The costs for creating genetical information are falling rapidly. Sequencing complete genomes dropped from billions of dollars to less than 10.000 USD in less than 10 years and companies like 23andMe or deCODEme are already selling genetical testing to customers for less than 100 USD. Genome sequencing gets used in clinical settings to find out about rare diseases. In the long run, we will get to a point where each of us will have his or her genome at hand. How can each of us benefit from those tests right now? What consequences for science and privacy will the advent of cheap genetical information have?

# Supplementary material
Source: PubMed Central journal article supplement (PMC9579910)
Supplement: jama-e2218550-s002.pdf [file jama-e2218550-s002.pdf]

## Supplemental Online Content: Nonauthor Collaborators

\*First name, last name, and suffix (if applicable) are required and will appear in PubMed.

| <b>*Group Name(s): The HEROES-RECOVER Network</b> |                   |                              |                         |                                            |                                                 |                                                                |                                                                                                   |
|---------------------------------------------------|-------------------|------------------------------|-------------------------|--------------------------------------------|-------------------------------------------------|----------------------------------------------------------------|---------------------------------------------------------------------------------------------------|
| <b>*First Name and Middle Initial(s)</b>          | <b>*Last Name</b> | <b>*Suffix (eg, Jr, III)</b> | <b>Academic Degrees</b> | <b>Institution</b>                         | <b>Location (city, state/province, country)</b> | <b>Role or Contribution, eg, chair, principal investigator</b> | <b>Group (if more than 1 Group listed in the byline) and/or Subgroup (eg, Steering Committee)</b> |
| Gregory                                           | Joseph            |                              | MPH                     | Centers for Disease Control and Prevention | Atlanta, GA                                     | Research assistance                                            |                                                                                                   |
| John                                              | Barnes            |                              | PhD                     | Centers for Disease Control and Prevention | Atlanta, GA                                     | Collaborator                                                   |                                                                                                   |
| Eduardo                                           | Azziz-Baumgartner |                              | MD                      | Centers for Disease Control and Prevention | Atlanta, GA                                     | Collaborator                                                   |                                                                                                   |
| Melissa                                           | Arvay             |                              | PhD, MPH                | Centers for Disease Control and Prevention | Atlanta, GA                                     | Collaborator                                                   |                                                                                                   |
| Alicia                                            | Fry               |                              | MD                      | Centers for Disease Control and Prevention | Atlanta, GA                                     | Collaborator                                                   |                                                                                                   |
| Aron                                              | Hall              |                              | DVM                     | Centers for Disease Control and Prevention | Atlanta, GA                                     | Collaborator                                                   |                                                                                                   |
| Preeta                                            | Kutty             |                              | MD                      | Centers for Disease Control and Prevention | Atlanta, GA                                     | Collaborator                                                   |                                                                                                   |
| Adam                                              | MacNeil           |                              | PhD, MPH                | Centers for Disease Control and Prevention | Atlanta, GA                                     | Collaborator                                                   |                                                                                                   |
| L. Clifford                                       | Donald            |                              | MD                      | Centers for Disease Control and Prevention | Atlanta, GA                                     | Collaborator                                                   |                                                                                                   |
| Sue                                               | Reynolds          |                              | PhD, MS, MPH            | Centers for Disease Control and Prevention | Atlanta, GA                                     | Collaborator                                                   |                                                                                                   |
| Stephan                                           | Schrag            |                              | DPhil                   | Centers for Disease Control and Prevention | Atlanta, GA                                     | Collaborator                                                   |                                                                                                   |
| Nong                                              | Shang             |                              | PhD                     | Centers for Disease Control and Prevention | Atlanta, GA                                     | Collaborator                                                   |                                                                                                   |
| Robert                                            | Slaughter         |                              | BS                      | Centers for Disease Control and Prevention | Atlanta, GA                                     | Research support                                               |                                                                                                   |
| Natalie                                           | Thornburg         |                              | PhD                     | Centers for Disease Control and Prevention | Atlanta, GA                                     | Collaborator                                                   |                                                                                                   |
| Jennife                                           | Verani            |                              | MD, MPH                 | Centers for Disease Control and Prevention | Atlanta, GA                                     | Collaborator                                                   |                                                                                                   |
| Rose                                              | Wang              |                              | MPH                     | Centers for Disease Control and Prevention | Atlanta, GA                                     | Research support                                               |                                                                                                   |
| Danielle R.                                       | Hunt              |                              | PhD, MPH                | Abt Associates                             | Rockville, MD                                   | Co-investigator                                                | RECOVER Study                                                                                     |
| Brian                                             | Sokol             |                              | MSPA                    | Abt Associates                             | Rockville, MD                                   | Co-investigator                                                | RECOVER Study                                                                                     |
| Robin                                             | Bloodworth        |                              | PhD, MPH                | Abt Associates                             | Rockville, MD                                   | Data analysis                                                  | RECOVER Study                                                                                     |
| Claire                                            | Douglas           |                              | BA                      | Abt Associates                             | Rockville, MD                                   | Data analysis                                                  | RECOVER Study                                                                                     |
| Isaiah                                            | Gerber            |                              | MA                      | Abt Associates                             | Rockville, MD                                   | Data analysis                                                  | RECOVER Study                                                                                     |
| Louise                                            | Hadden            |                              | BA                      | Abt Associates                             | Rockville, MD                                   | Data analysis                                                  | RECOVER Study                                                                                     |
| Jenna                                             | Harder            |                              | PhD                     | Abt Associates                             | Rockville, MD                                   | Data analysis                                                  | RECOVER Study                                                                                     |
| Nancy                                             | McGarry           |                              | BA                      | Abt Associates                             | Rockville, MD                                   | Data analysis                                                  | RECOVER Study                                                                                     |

This kind of genetic data can (and probably will) be used by a variety of agencies. Government and law enforcement agencies will want store this information on every citizen. Insurance companies and various employers will want use this data to help decide whether to keep insured customers or employees. And even advertisers may be keen to use the information for targeting. How far have ambitions already gone? And on the positive side: How can we use this cheap new data – maybe together with the quantified self-movement – to make it more open and useable for citizen scientists outside of academia? The talk will address those questions and give some current examples.